Drive Calf Growth with Energy Balance – Dr. Noah Litherland, Vita Plus
Energy balance is defined as the net effect of energy intake and energy use. Positive energy balance allows for growth, while negative energy balance requires calves to use fat reserves, and even muscle, to meet the energy deficit. Weight gain and loss are direct reflections of energy balance.
How is energy available to the calf measured?
Energy is measured in individual feeds using calorimetry, where feeds are oxidized (burned) and the resultant heat produced is measured. This measured value is known as gross energy. Net energy available to the calf for maintenance, immune function, and growth is derived from predictive equations to correct for digestible and metabolizable energy from protein, fat, and carbohydrates (Table 1). Net energy for maintenance is used to regulate body temperature, produce necessary enzymes for metabolism, and maintain tissues, such as the gastrointestinal (GI) tract. The maintenance energy requirement is the effect of the animal’s age, size, stage of production, genetic potential, and interaction with the environment.
Immune function is part of maintenance, but, for this article, I have isolated it to drive home the point that calf health (for better or worse) has a significant impact on energy partitioning. When a calf is sick, immune function will dominate net energy usage, which decreases available energy for maintenance and growth.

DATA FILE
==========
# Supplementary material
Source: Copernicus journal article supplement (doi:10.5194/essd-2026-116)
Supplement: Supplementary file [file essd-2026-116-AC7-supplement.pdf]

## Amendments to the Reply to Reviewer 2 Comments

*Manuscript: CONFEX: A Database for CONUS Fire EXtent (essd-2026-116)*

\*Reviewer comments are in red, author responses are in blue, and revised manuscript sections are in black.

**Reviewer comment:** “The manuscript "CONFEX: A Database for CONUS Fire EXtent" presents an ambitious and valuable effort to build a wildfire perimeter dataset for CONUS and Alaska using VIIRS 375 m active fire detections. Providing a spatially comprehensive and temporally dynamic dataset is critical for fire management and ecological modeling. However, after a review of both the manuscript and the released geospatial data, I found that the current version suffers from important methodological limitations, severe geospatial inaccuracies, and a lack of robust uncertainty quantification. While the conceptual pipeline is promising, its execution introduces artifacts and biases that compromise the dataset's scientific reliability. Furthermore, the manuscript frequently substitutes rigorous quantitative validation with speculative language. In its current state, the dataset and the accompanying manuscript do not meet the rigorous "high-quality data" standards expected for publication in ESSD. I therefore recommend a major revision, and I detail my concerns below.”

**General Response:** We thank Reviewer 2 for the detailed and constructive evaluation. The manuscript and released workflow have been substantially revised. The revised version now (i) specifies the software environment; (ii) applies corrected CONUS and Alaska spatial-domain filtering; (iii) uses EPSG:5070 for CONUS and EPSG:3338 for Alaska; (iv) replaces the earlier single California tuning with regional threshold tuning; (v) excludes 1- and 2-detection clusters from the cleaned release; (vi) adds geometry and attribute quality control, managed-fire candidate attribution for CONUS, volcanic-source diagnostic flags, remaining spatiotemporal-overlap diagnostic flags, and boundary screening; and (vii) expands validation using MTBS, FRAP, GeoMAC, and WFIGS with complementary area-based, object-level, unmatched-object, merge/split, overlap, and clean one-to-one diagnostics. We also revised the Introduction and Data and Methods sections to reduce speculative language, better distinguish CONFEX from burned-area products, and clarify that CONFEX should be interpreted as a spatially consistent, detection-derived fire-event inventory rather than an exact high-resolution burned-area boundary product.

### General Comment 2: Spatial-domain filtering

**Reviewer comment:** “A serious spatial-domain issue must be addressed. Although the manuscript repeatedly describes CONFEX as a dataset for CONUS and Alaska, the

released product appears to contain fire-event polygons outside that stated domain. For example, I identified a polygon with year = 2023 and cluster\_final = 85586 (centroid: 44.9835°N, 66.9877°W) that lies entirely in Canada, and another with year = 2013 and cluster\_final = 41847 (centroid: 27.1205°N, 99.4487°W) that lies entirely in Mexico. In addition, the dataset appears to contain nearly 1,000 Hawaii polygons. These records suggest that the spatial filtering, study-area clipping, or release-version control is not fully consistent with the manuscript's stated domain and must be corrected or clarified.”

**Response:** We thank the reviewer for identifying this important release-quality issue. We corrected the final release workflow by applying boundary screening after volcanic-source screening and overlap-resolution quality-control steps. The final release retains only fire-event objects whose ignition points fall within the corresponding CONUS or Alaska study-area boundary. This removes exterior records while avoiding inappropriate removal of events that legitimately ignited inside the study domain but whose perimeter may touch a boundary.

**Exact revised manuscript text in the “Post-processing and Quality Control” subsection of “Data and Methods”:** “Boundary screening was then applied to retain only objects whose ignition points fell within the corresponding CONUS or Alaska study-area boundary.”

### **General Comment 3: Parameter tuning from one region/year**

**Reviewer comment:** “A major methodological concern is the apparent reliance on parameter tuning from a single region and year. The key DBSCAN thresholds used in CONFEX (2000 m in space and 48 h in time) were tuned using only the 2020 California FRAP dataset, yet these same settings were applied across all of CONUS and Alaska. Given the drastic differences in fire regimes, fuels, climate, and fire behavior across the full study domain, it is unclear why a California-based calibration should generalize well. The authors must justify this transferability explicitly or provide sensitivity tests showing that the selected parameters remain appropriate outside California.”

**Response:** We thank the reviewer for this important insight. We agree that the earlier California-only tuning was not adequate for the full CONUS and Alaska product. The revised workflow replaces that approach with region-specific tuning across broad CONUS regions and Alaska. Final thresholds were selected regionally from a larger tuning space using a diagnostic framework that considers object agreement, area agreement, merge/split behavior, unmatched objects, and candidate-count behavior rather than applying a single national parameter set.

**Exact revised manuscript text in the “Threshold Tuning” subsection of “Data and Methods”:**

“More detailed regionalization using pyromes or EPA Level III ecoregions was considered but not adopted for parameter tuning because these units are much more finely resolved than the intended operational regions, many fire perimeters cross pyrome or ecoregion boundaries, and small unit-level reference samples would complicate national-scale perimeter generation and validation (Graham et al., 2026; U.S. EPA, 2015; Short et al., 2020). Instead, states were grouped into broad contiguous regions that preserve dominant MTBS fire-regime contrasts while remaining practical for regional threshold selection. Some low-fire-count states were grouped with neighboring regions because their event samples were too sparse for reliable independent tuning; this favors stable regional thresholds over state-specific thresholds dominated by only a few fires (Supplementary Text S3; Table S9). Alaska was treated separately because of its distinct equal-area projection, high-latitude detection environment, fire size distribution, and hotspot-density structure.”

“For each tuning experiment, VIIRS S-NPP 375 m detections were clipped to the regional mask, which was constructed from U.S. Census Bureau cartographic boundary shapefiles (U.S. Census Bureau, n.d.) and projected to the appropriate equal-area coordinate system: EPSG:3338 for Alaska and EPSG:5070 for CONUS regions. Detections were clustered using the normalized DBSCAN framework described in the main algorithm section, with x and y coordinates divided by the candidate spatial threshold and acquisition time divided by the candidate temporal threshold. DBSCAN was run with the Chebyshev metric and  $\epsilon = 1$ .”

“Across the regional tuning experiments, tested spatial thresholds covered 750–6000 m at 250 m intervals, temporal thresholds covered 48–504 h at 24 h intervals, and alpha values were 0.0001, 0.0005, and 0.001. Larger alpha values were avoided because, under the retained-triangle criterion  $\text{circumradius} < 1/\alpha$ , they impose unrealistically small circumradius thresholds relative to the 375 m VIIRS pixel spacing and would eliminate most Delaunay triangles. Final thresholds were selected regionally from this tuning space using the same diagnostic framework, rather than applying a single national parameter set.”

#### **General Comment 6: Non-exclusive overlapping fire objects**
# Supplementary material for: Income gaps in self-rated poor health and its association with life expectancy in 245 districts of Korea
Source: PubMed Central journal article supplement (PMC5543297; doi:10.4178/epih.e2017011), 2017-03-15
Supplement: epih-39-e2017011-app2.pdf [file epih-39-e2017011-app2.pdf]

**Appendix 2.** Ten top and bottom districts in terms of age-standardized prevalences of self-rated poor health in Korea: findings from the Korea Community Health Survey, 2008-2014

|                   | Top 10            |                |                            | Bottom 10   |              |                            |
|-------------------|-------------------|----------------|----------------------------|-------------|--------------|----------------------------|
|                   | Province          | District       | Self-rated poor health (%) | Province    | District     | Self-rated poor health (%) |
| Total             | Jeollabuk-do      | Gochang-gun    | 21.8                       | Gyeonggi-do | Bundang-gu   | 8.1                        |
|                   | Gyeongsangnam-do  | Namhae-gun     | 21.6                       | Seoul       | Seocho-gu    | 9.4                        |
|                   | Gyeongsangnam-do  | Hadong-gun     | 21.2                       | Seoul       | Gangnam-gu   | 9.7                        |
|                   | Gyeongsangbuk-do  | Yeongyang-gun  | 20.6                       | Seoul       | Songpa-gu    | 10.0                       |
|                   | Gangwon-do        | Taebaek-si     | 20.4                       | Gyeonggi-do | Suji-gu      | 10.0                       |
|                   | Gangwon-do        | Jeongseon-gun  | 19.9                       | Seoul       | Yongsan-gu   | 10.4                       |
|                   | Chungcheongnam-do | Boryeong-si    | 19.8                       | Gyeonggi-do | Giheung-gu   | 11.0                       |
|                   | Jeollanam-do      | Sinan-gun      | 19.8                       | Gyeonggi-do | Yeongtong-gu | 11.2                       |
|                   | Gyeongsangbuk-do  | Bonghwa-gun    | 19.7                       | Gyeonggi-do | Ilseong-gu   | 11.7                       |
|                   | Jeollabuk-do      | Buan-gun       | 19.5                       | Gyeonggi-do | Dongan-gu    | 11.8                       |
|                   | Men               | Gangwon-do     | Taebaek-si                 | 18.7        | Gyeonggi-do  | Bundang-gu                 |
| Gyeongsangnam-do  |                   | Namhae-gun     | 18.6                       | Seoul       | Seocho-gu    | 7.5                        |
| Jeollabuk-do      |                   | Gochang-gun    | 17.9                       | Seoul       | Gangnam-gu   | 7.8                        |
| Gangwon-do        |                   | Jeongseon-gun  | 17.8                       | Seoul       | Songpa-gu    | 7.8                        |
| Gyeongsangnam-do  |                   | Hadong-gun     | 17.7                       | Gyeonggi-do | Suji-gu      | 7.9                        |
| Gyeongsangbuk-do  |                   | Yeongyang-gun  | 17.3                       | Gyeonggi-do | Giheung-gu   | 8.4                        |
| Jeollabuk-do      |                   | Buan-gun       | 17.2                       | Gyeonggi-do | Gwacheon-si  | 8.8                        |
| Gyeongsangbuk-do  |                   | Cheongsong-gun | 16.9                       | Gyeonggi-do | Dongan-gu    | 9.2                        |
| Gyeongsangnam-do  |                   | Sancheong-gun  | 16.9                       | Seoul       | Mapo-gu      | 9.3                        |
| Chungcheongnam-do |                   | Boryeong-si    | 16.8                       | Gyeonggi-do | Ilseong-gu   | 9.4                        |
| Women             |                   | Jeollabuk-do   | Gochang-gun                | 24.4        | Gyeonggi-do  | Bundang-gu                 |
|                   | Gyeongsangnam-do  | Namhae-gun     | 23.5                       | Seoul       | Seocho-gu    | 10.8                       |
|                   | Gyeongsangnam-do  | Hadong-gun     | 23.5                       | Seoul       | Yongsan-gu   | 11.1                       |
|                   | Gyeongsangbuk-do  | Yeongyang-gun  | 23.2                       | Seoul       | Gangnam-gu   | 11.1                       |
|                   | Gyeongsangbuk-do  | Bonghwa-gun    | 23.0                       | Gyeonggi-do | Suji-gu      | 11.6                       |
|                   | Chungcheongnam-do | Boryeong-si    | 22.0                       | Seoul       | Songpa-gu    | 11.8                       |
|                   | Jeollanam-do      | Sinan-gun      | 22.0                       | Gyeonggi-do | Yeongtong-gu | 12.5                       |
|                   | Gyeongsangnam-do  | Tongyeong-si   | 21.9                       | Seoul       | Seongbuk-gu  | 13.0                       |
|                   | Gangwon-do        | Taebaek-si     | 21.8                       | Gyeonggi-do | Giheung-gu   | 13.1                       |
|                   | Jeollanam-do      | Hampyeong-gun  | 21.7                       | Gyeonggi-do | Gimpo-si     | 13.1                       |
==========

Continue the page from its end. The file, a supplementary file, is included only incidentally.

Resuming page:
Although it is difficult to measure, we can see the effects of a shift in net energy available to the calf, as Table 2 describes. These changes in net energy balance can be seen in body condition and growth of the calves. Are they gaining or losing weight?
Net energy for maintenance, total net energy intake (from milk replacer and starter grain), and net energy intake above maintenance are calculated for a group of calves in Table 3. You can see how the maintenance requirement for energy nearly doubles from day seven to day 56. This is a function of both body size and environmental temperature.
Total net energy for the calf increases from 2.8 Mcal at seven days, to 8.3 Mcal at 56 days. This energy supply comes from both milk and starter. The amount of dry matter (DM) from either milk or starter is the primary driver of energy intake. DM intake increases nearly five-fold from day seven to day 56. Net energy intake remaining after covering maintenance costs is the energy available for the calf to use to power protein synthesis.
Notice how energy available for growth starts to plateau – and even decreases – from days 49 to 56. These calves will need to continue to ramp up starter grain intake to support energy required to keep pace with growth rate.
Calf and heifer nutrition
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